A heavily laden conveyor can have an enormous amount of potential energy, so has to be treated with the utmost respect if accidents are to be avoided. Steve Powell looks at parked-off conveyor brakes, and how they can improve safety during maintenance.
Heavy-duty conveyors in quarries and mines, cement works and other processing plants, dockside and ship-board applications, logistics and materials handling, can carry massive loads and therefore have to be recognised as potentially dangerous. Generally, they are operated in a safe and responsible manner, with extra care being taken if unusual circumstances arise and with a number of safety systems built into them.
One of the key elements in a conveyor system is a parking brake, which is used to lock the conveyor into one position when not in use; when it is being serviced or during a power outage. This reduces the possibility of the conveyor starting to move under its own load, a situation that could become very dangerous, very quickly.
Similar conditions can apply in other fields, such as cranes and winches, elevators and escalators, manufacturing, energy, oil and gas, water and wastewater, and parking brakes can be used in these environments too, although the design may be adapted to the specific needs of each application.
To cover the possibility of a total power failure, most parking brakes are spring applied. This means that when no external power is supplied to them the pressure of the spring is applied to the pad and the brake clamps shut, thereby locking the conveyor in a fixed position.
However, there is a downside that needs to be considered: while a spring applied brake offers protection in the event of a power failure, it also makes maintenance a far harder task. When a spring applied brake is powered down ready for maintenance work to be carried out, the brake is shut tight against the disc. The springs therefore need to be compressed to access the pads, which leaves a lot of potential energy in the brake.
To address this issue, Twiflex Ltd, has incorporated a unique feature into its conveyor brake products, which addresses the risk of brakes clamping shut unexpectedly during maintenance, an occurrence that can pose a hazard to personnel.
The 'parked off' feature can quickly be applied while the brake is in the field and allows for maintenance and pad removal without the risk of the brake clamping shut.
Conventional industrial brake design typically employs a mechanical lock-out concept in which a nut and centre bolt arrangement is used to hold the spring force and prevent the disc from closing during maintenance.
However, this lock-out arrangement only works as long as the nut can hold its integrity. If the nut fails because its thread shears, the brake will close. Unexpected closing of the brake could cause serious injury to engineers and technicians carrying out maintenance; or indeed to anyone within the vicinity of the conveyor system.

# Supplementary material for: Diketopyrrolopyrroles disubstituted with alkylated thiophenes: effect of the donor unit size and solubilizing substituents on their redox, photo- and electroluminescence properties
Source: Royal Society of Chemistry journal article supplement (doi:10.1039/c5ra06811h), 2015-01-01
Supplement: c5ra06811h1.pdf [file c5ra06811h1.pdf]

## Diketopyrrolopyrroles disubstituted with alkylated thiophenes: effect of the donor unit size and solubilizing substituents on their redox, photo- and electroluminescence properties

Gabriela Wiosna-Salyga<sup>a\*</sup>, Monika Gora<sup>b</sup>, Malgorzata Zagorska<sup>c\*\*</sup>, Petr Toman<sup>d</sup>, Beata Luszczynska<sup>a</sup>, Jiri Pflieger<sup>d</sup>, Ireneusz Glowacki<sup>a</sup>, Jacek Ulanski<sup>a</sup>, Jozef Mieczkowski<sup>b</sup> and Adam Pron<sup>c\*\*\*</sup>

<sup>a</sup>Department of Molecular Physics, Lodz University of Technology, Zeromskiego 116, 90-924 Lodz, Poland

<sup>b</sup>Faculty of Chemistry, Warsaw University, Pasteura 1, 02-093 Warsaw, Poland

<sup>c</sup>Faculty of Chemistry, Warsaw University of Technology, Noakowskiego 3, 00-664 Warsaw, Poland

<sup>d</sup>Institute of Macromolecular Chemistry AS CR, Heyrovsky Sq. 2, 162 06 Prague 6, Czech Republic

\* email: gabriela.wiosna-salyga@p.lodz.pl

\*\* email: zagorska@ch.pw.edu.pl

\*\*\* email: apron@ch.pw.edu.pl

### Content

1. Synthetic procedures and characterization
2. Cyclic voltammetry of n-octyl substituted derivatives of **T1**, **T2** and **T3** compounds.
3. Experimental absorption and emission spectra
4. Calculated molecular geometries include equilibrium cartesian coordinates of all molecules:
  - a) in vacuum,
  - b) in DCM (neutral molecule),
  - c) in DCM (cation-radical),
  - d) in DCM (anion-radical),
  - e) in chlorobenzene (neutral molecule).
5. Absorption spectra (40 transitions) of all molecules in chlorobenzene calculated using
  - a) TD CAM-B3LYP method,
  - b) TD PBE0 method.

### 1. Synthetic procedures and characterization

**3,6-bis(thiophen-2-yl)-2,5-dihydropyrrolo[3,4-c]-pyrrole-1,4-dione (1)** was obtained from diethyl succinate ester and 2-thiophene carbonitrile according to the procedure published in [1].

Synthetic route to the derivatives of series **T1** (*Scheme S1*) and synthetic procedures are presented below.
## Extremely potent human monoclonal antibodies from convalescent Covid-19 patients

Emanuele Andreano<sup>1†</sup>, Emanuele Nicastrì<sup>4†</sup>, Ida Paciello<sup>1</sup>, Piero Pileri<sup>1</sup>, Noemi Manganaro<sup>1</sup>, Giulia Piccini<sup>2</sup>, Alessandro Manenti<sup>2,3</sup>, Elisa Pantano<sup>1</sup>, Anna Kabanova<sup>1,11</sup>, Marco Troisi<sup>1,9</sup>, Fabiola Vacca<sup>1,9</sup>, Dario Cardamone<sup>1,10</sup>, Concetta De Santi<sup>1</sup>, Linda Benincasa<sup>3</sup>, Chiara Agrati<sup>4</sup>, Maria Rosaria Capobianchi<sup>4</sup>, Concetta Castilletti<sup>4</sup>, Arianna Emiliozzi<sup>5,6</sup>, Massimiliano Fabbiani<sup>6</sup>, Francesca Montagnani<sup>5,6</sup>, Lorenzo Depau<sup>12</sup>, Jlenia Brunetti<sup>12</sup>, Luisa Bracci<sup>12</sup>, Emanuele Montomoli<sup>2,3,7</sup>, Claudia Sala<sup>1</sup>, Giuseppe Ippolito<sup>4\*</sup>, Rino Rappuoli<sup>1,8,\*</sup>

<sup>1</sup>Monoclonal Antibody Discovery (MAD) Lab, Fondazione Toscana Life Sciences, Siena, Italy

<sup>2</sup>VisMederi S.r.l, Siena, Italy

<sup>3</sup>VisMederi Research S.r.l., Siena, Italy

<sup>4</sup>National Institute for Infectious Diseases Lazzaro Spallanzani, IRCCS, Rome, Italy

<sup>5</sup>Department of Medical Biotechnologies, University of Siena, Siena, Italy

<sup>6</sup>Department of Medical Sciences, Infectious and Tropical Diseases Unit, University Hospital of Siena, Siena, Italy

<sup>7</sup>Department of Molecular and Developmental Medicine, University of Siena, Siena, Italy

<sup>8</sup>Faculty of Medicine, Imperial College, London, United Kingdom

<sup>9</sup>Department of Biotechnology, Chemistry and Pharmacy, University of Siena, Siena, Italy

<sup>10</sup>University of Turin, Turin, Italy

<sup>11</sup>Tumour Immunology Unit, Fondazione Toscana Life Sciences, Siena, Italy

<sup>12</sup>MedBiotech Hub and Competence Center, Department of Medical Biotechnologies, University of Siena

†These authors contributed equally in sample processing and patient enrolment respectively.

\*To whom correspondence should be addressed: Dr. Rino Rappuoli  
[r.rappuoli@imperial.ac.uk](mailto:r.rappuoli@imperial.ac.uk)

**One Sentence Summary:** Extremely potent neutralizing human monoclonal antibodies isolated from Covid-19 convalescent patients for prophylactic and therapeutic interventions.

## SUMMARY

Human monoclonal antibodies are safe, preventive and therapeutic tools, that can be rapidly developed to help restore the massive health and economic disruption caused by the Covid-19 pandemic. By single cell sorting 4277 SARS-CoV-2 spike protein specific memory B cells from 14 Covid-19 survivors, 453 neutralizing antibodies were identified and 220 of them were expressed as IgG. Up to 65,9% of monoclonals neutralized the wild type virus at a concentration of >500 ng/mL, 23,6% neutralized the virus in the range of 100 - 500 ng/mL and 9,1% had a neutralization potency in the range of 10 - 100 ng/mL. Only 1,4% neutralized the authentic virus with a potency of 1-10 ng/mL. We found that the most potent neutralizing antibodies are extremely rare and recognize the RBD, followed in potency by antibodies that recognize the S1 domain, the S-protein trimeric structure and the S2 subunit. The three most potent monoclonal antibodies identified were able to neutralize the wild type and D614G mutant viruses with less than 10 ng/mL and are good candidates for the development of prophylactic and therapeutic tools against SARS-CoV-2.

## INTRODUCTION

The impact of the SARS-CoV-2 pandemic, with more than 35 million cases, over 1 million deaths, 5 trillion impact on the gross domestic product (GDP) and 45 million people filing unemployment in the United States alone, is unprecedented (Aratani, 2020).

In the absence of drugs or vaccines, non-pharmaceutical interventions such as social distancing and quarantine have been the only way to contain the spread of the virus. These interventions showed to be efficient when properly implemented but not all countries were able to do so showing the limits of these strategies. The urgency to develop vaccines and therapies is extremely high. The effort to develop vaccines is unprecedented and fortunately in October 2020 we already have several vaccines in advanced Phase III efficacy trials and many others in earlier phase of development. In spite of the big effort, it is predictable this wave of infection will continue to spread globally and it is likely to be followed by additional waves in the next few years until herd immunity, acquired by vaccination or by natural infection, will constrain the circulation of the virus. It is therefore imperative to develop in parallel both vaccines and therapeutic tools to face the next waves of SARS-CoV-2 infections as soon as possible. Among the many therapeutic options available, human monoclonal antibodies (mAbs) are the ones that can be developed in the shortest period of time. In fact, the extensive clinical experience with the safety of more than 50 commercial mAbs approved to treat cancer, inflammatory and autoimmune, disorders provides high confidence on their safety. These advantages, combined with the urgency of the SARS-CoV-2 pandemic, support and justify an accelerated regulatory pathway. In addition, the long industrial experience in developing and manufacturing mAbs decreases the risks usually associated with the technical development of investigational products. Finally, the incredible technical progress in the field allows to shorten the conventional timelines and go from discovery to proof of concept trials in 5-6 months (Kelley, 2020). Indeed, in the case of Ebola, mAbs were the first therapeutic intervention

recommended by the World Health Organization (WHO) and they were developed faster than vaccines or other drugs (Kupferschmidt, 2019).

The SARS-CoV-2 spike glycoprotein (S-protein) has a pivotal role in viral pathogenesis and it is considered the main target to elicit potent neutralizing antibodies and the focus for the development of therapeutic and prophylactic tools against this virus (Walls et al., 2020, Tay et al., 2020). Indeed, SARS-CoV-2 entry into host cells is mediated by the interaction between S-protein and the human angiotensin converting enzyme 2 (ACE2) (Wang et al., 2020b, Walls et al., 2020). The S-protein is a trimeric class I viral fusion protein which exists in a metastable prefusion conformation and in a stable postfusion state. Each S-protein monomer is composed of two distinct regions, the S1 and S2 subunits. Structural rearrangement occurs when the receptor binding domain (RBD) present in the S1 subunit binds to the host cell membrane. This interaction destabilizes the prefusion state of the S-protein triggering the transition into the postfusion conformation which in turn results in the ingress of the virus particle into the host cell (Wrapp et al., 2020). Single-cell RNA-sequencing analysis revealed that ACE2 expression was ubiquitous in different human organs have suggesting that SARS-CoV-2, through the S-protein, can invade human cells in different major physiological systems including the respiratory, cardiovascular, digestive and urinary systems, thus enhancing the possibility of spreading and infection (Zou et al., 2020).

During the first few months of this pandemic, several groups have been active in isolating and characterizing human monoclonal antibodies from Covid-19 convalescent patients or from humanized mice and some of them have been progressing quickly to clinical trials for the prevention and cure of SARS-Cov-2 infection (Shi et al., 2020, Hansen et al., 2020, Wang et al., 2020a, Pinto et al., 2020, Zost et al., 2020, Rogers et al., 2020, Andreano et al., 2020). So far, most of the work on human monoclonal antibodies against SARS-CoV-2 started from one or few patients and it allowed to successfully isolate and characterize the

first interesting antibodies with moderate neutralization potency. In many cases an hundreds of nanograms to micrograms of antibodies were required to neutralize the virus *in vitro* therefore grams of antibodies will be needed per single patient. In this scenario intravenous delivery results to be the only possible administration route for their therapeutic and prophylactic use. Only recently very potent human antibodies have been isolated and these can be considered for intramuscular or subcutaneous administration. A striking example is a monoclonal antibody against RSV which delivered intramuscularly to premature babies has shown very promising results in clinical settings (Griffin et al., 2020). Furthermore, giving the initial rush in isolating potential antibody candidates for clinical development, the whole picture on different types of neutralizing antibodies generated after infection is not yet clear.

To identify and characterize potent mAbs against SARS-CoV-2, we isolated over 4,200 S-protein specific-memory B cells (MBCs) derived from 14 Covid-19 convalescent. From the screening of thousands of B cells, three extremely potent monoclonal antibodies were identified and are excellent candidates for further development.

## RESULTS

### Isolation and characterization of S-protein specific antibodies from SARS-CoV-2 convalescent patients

The Twiflex 'parked off' feature is different to other solutions in that it actively removes the spring force from the brake while it is powered off, meaning that there is no force acting on the pad and therefore no potential of an unexpected closure when correctly applied. With hydraulic pressure applied, maintenance engineers can unwind an adjusting spindle, which releases the spring pack. When the hydraulic pressure is removed the spring has the freedom to extend without acting on the brake. At this point the spring load and hydraulic pressure are both zero and the brake has no stored energy.
The ‘parked off’ feature has a number of benefits. First, basic maintenance such as brake pad replacement can be carried out quickly and with a reduced risk of harm from unexpected closure when compared to conventional brake designs. Second, the brake pressure can easily be adjusted by setting the brake to ‘parked off' and adjusting the number of shims from the end cover. Finally, installation is made easier and the brake can be installed without the need for hydraulic pressure.
The ‘parked off’ feature is available on many of Twiflex's conveyor brakes including the recently released VKSD and VBS modular brakes. Further, the Twiflex engineering teams represent a world-class repository or expertise and experience, and can work with conveyor users to develop highly bespoke and optimised brake and safety systems.
In such cases, considerable time and effort is given to electronically collecting actual usage data and analysing it to ensure that all possible operational scenarios are considered during the design process.
Steve Powell is Product Manager for Twiflex Ltd, Twickenham, England.